THE US was slow to take seriously the threat posed by homegrown radicals and the government has failed to put systems in place to deal with the growing phenomenon, according to a report compiled by the former heads of the 9/11 commission.
The report says US authorities failed to realise that Somali-American youths travelling from Minnesota to Mogadishu in 2008 to join extremists was not an isolated issue. Instead, it was among several instances of a broader, more diverse threat that has surfaced across the country.
“Our long-held belief that homegrown terrorism couldn’t happen here has thus created a situation where we are today stumbling blindly through the legal, operational and organisational minefield of countering terrorist radicalisation and recruitment occurring in the United States,” it said.
As a result, there was still no federal agency specifically charged with identifying radicalisation or working to prevent terrorist recruitment of US citizens and residents, said the report, released yesterday by the Washington- based Bipartisan Policy Center’s National Security Preparedness Group.
The group, headed by former 9/11 commission leaders Tom Kean and Lee Hamilton, laid out a detailed description of domestic terror incidents ranging from the Fort Hood, Texas, shooting spree and the attempted Christmas Day airliner attack in 2009, to the botched truck bombing in New York’s Times Square last May.
Over the past year, terrorism experts and government officials have warned of the threat posed by homegrown radicals, saying terror recruits who go abroad could return to the US to carry out attacks.
But the group said the US should have learned earlier from Britain’s experience. Before the 2005 London suicide bombings, the British believed that Muslims there were better integrated, educated and wealthier than their counterparts elsewhere. Similarly, the US believed that its melting pot of nationalities and religions would protect it from internal radical strife, the report said.
Terrorists may have discovered America’s “Achilles heel in that we currently have no strategy to counter the type of threat posed by homegrown terrorists and other radicalised recruits”.
However, this year the White House added combating homegrown terrorism to its national security strategy for the first time. Ben Rhodes, the White House’s deputy national security adviser, said the plan included a “new interagency effort that brings together key stakeholders” and continued “outreach to communities across the country”.
The FBI, meanwhile, has worked to reach out to Somali communities in an effort to counter radicalisation of the young.
The report also points to an “Americanisation” of the leadership of al-Qaida and its allied groups, noting that the radical cleric Anwar al-Awlaki, who had links with suspects in the failed Times Square bombing and the Fort Hood shootings, grew up in New Mexico.
David Headley, who lived in Chicago, played a role in scoping the targets for the Lashkar-e-Taiba attacks on Mumbai in 2008 that killed more than 160.
Outside the US, al-Qaida, its affiliates and other extremist groups have splintered and spread, seeking safe havens in undergoverned areas of Pakistan, Yemen, Somalia and places in north and east Africa.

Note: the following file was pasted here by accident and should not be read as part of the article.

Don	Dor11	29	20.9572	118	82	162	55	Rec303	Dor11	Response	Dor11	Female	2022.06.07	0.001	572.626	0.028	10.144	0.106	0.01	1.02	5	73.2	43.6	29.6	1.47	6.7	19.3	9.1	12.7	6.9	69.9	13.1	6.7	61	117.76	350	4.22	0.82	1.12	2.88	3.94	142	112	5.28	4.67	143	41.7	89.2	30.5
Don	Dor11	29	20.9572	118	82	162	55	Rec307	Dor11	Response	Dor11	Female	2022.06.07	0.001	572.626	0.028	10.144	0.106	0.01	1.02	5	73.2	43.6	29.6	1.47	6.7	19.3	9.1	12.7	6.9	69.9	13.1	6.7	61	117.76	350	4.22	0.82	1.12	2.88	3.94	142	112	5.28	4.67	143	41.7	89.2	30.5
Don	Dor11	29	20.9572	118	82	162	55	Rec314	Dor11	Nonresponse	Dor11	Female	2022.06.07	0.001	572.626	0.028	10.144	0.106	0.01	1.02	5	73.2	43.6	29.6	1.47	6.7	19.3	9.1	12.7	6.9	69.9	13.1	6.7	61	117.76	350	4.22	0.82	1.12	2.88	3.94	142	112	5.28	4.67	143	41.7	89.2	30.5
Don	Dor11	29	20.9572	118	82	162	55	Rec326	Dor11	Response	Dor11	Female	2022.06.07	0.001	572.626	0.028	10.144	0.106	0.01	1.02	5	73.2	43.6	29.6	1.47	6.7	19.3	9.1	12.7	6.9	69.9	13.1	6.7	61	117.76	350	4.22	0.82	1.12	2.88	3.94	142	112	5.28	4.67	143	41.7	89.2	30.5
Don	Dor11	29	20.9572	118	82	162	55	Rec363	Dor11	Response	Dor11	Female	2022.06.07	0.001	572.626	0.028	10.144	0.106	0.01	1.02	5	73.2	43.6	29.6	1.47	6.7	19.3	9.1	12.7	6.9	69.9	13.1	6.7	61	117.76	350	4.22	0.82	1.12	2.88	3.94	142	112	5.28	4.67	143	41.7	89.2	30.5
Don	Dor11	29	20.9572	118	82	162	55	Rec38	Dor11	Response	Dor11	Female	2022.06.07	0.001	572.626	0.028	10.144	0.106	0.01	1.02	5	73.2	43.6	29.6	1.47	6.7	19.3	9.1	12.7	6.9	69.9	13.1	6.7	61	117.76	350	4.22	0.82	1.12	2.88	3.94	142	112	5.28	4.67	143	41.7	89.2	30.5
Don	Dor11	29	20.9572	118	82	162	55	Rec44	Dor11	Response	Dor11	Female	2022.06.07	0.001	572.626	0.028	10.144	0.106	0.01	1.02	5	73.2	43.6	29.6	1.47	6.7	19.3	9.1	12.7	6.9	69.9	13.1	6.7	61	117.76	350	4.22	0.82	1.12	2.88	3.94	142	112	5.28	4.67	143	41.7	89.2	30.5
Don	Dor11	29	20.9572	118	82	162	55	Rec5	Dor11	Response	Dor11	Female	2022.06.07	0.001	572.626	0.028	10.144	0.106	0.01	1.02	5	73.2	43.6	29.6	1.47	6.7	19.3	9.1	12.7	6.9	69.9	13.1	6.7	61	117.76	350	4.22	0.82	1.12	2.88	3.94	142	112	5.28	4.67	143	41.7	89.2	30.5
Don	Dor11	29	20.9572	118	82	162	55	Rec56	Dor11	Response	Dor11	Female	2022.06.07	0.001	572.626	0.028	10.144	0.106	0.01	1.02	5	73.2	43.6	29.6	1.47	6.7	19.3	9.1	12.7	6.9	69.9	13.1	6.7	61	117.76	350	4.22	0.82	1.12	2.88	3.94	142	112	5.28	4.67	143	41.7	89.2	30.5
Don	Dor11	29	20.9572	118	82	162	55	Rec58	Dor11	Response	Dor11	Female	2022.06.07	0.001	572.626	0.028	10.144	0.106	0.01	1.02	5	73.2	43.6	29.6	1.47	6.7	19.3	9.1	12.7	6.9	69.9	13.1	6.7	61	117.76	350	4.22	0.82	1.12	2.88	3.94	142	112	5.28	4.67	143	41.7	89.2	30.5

That diversified threat has intensified as militants reach out to potential recruits through the internet.
The report warns that it is no longer wise to believe that American extremists will not resort to suicide bombings.
It points to Nidal Hasan, an army major who has been charged with killing 13 people and wounding 32 in last year’s shootings at Fort Hood, saying he had written about suicide operations in emails and that his attack appeared to be one.
SACRED TEXT: Desecrating a Koran is seen as a grave, punishable act
INTENTIONALLY burning the Koran, as a Florida preacher has threatened to do, is seen by Muslims as a blasphemous and insulting act because they consider the Islamic holy book to be the literal word of God.
Actual or alleged Koran desecration often sparks protests in the Muslim world and puzzled reactions from non-Muslims because of varying approaches to scripture and the sense of the sacred.
Some facts about the Koran:
- Muslims believe the Koran is the word of God transmitted to Mohammad by the Angel Gabriel in Arabic. By contrast, Jews and Christians believe their scriptures were written by holy humans with divine inspiration. For Muslims, this perceived enhanced sacredness makes Koran desecration especially heinous.
- Only the Arabic text is authentic and translations are seen as imperfect versions of the original, whose poetic wording is sometimes difficult to understand even for Arabic speakers. By contrast, Christians usually read the Bible in translation and few consult the original Hebrew, Greek and Aramaic texts.
- Muslims treat a printed Koran with great reverence. In Muslim tradition, the believer should be in a state of ritual purity before touching it. The Koran should not be put on the floor and nothing should be placed on top of it.
- Desecrating a Koran is seen as a grave offence worthy of severe punishment. Pakistani law prescribes life imprisonment for anyone “who willfully defiles, damages or desecrates a copy of the Holy Koran or of an extract therefrom or uses it in any derogatory manner or for any unlawful purpose.”
- Muslim scholars usually avoid critical analysis of the Koran’s origins that questions whether it is the literal word of God. A scholar who argues that it drew on earlier texts in Aramaic publishes under a pseudonym to avoid reprisals.
- Memorising Koran passages is encouraged and learning the whole text by heart is highly prestigious. There are traditional rules for public reading of the Koran, which literally means “recitation.”
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